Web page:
High-Speed Internet for Rural Parts of Tennessee

by Melanie Jo Triebel

The U.S. continues its transition from slower, dial-up Internet service to high-speed service, called "broadband" Internet. Obtaining broadband Internet service has, however, been something of a challenge for many residents of the rural U.S. Tennessee is no different: rural areas of the state are among the last to receive broadband service.

Types of Broadband Internet

While all broadband Internet service is digital and relatively high speed, different means are used to provide a signal. The most common types of broadband -- DSL, cable and fiber-optic -- all use cables to deliver service. DSL uses telephone lines, cable uses coaxial television cables, while fiber-optic uses a network of fiber-optic cables. Additionally, Internet can be delivered using either a mobile wireless signal or a fixed, long-range wireless signal sent and received using an external antenna, or via a satellite signal.

Availability in Tennessee

The good news is that some form of broadband Internet service is now available in most parts of Tennessee. While fiber optic and cable Internet are still largely focused in metropolitan and other densely populated areas, DSL service and mobile wireless service are now available in many areas throughout the state.

Options for Rural Areas

For those areas of Tennessee that still do not have typical broadband service (DSL, cable Internet, mobile wireless and fiber optics), two other options are available. First, many rural parts of Tennessee are now serviced by long-range, fixed wireless Internet providers. Online directories such as the WISP Directory provide lists of such providers by state. Second, many rural Tennessee residents can obtain broadband Internet via satellite Internet services.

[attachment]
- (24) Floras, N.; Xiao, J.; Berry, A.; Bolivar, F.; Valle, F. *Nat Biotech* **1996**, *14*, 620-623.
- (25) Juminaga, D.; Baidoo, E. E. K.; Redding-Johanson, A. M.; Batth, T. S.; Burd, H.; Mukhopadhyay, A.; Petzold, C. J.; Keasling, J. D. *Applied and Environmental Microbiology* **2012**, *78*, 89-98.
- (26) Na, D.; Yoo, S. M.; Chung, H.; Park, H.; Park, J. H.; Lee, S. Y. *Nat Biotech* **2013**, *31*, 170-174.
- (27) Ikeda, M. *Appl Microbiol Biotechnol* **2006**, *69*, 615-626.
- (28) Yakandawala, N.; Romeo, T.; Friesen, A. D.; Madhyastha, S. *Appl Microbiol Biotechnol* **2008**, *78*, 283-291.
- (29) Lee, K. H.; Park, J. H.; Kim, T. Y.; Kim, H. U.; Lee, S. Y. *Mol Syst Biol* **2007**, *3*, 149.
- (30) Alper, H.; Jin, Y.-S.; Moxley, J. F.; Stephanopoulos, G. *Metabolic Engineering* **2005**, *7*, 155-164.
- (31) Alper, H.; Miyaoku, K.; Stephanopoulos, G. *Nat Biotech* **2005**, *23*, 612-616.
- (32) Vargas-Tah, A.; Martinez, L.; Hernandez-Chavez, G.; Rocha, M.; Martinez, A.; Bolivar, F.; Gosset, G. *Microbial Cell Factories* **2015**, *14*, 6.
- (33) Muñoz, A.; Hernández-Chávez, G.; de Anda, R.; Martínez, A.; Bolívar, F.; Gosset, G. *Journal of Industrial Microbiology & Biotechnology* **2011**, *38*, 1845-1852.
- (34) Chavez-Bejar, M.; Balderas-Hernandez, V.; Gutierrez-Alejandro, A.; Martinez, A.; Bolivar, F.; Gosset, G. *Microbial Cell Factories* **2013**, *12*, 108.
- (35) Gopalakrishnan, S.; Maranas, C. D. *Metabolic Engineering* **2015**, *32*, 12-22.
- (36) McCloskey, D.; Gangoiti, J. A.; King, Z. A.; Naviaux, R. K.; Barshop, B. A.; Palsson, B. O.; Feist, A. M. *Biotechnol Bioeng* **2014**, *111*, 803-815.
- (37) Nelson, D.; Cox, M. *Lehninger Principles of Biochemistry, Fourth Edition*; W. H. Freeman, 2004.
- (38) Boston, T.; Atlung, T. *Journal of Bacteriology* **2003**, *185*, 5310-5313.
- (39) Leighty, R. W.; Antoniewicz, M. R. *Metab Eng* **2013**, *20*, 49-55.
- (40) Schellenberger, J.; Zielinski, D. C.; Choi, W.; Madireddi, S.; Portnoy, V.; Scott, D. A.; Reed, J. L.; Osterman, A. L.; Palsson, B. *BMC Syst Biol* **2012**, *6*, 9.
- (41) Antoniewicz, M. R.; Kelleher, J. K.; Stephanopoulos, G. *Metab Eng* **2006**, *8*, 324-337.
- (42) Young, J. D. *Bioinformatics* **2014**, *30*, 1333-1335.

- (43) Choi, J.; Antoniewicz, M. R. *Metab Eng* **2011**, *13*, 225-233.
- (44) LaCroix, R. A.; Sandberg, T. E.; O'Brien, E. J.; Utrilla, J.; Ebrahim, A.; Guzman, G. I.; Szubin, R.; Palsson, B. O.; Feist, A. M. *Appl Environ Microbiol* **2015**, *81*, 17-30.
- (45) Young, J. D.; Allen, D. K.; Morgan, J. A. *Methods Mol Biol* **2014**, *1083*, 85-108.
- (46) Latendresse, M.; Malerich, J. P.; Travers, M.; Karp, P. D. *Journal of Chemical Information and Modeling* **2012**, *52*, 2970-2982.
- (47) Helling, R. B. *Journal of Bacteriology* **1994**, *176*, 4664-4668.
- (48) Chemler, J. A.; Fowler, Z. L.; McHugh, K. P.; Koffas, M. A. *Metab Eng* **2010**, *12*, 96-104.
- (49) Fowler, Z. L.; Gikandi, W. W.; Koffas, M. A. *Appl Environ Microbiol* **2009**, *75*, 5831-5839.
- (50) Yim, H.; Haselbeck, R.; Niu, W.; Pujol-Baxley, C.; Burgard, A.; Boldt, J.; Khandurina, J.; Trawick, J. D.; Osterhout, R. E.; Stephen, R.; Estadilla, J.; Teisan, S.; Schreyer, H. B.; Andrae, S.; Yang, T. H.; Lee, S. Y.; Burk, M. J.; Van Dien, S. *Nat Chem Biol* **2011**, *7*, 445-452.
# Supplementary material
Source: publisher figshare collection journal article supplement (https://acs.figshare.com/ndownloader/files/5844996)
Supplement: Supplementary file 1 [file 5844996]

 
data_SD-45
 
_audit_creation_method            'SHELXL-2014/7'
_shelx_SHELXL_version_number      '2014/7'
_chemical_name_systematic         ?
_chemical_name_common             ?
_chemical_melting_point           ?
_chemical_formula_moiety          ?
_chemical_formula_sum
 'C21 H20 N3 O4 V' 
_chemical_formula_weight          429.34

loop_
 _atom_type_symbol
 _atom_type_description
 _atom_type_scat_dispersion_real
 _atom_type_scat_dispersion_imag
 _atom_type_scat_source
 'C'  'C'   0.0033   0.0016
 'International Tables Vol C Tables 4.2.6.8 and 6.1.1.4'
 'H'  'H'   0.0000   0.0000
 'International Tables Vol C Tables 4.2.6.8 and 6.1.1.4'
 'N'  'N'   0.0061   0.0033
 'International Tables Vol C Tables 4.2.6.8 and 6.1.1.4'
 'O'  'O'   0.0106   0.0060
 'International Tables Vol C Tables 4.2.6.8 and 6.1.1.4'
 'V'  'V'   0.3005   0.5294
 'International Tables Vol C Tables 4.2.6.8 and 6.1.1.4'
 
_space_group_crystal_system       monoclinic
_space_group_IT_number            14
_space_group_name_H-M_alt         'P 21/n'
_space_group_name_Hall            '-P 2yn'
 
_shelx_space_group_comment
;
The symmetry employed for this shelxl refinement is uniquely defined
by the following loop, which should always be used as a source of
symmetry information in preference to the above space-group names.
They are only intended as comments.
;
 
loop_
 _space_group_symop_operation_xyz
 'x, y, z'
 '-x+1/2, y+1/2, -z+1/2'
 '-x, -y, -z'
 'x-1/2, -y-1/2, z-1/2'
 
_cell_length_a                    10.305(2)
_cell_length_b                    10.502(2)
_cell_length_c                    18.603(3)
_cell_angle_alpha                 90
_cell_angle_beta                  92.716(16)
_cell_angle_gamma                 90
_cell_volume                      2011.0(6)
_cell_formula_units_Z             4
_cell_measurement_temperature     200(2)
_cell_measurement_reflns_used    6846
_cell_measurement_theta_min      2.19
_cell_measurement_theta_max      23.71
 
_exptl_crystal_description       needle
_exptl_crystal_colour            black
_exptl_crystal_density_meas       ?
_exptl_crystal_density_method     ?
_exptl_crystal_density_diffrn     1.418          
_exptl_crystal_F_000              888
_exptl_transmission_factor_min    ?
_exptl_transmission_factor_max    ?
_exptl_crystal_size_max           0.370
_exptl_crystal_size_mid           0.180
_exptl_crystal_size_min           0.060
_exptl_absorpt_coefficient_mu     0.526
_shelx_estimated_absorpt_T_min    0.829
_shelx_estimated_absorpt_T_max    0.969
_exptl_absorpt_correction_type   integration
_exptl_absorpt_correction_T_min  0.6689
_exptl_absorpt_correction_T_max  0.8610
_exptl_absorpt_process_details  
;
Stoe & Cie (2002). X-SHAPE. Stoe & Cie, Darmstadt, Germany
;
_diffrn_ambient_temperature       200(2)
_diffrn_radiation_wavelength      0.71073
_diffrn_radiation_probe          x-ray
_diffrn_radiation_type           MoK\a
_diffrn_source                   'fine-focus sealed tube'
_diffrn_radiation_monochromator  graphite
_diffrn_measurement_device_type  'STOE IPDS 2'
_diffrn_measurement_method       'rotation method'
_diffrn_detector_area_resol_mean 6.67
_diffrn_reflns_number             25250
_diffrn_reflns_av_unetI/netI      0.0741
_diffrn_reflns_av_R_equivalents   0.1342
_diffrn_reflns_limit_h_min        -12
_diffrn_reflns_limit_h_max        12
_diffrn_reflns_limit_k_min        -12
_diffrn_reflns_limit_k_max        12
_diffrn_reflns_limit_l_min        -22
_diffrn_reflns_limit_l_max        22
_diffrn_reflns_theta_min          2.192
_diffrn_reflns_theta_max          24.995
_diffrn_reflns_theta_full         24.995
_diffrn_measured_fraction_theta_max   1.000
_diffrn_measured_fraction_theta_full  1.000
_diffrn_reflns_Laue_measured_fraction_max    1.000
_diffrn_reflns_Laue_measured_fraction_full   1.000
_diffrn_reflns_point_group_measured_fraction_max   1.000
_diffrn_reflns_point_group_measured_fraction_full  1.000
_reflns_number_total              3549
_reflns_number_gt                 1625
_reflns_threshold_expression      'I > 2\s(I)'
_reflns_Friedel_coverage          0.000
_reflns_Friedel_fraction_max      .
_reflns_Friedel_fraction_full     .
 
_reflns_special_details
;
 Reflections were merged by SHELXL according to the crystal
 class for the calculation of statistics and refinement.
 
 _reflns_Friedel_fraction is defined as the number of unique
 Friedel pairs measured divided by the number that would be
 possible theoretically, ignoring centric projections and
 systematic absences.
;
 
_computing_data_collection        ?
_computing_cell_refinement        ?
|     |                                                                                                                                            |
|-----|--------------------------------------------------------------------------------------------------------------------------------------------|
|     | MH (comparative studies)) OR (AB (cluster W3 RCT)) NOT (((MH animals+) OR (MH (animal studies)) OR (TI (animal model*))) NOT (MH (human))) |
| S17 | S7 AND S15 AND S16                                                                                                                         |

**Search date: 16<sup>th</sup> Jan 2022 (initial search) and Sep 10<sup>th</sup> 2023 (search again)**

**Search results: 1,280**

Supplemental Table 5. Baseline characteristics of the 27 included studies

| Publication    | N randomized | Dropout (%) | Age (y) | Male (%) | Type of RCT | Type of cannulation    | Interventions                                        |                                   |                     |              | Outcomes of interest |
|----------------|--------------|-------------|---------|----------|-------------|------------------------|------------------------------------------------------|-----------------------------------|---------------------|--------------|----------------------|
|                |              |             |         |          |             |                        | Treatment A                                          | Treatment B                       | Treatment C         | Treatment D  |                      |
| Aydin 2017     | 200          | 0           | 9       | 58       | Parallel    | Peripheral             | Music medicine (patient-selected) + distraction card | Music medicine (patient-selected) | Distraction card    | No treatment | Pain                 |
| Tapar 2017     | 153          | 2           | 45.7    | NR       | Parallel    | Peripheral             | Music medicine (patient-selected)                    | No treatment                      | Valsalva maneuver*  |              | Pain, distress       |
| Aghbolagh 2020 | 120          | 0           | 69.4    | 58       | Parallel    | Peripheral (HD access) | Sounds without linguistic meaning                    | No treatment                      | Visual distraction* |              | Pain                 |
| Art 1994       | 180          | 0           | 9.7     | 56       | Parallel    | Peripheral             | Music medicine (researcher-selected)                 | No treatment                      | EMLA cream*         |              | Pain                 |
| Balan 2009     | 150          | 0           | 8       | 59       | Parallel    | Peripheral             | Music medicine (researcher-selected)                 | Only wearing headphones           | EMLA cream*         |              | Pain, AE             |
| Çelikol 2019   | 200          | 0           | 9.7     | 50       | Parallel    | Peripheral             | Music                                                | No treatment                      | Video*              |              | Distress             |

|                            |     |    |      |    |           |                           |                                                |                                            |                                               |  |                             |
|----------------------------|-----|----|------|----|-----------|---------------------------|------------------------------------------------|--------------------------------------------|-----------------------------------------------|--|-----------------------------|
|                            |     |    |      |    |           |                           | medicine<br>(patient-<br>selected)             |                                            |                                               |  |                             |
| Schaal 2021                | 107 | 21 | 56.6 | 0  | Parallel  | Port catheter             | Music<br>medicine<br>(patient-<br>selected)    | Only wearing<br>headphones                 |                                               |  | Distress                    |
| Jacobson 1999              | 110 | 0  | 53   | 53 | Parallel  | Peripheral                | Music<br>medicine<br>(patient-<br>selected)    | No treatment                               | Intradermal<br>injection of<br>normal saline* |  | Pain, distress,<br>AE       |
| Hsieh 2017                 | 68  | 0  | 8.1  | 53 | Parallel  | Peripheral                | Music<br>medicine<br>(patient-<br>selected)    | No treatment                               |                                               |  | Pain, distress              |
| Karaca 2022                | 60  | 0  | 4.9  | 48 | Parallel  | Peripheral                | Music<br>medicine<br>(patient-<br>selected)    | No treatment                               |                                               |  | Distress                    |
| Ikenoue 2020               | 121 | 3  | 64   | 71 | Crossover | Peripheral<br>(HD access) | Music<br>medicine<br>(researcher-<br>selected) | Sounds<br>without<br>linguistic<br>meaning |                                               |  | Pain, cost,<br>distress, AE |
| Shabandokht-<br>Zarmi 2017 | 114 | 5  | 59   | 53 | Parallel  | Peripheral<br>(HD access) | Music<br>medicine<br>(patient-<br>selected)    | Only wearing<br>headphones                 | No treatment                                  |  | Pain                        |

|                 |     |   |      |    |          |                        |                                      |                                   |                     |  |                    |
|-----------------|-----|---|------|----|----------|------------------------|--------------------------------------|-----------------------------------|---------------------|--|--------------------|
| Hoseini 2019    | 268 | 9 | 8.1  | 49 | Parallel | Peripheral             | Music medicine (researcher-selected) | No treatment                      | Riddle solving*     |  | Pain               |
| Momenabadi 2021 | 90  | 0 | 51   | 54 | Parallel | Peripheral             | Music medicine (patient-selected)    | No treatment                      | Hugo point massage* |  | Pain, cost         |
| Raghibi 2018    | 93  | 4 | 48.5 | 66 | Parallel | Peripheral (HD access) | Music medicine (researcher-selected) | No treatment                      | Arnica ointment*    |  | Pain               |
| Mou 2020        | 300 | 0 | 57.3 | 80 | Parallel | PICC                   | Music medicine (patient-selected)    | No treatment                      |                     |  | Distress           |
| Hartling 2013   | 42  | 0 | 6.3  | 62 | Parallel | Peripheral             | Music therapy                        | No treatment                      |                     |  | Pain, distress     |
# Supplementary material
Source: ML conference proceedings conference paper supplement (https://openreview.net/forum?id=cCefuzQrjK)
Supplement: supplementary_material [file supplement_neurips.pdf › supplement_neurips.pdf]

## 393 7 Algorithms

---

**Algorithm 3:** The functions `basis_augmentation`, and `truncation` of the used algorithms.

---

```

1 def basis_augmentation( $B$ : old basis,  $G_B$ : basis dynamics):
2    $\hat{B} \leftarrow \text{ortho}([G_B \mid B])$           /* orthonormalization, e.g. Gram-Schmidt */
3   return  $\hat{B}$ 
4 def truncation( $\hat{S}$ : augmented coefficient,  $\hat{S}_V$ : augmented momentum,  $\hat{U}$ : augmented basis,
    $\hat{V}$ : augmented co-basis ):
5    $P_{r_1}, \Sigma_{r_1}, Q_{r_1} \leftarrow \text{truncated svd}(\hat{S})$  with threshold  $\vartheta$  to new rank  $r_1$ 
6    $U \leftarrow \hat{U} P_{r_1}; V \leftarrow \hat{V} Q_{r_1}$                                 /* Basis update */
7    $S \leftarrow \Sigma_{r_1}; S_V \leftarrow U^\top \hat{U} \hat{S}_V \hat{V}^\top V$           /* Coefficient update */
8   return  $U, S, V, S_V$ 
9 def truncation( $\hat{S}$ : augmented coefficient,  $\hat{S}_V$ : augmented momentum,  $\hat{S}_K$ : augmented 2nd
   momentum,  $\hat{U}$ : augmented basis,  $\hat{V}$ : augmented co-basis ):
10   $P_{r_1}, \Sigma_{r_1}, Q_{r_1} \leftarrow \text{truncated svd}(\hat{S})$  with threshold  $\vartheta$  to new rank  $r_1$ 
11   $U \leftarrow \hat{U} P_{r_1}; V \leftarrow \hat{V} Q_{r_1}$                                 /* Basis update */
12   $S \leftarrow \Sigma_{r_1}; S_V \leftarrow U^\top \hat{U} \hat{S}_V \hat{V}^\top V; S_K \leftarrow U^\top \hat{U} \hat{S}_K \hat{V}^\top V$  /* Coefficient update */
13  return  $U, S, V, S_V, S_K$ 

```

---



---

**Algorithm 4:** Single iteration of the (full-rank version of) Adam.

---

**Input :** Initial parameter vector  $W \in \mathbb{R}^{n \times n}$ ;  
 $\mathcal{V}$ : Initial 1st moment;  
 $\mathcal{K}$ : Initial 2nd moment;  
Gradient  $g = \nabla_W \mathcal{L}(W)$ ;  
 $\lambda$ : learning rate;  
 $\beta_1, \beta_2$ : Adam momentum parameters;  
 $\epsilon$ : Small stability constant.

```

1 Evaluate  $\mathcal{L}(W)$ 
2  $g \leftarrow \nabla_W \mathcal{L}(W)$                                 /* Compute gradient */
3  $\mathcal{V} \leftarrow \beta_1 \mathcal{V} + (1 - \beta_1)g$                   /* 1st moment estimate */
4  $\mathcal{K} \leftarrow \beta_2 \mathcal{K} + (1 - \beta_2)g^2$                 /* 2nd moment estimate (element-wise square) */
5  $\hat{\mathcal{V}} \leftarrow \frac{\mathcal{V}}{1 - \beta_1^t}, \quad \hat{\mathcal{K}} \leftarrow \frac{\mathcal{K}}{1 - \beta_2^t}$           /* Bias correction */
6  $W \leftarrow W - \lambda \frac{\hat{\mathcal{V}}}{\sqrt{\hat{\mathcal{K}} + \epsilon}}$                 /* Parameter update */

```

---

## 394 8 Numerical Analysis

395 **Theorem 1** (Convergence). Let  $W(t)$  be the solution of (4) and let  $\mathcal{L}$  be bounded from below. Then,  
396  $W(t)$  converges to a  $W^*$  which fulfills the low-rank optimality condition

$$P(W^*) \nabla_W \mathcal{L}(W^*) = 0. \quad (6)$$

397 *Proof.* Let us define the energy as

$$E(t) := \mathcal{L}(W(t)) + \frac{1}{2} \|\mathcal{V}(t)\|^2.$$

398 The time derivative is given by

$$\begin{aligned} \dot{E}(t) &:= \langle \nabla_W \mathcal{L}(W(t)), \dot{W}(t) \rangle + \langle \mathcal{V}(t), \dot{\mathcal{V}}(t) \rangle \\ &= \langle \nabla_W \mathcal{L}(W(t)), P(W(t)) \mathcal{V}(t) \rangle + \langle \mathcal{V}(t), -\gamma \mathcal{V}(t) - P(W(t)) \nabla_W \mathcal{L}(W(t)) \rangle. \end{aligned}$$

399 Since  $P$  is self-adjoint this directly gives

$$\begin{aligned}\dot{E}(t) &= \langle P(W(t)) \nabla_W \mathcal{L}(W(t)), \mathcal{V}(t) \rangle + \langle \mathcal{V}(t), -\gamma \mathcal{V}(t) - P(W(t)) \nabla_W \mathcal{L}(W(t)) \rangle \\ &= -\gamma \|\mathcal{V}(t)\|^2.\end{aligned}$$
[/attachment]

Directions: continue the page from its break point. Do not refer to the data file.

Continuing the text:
Getting a Provider

To find out whether broadband service is available in your area (and which providers offer service in your area), contact your local government, your state's public service commission, and cable and phone companies in your area. If broadband services are completely unavailable, you may be able to entice a provider to extend a network into your area. You can work with your neighbors to get a critical mass of customers to pre-subscribe to any provider who enters the area, or get your local or county government to offer incentives to potential service providers.

About the Author

Melanie Jo Triebel has been writing since 2003. Her articles have appeared in such publications as the "ARIAS U.S. Quarterly" and the "Sidley Reinsurance Law Report." Triebel holds a B.A. in music from Chapman University and a J.D. from the Chapman University School of Law. She has practiced law for nearly a decade and is licensed in California and Illinois.

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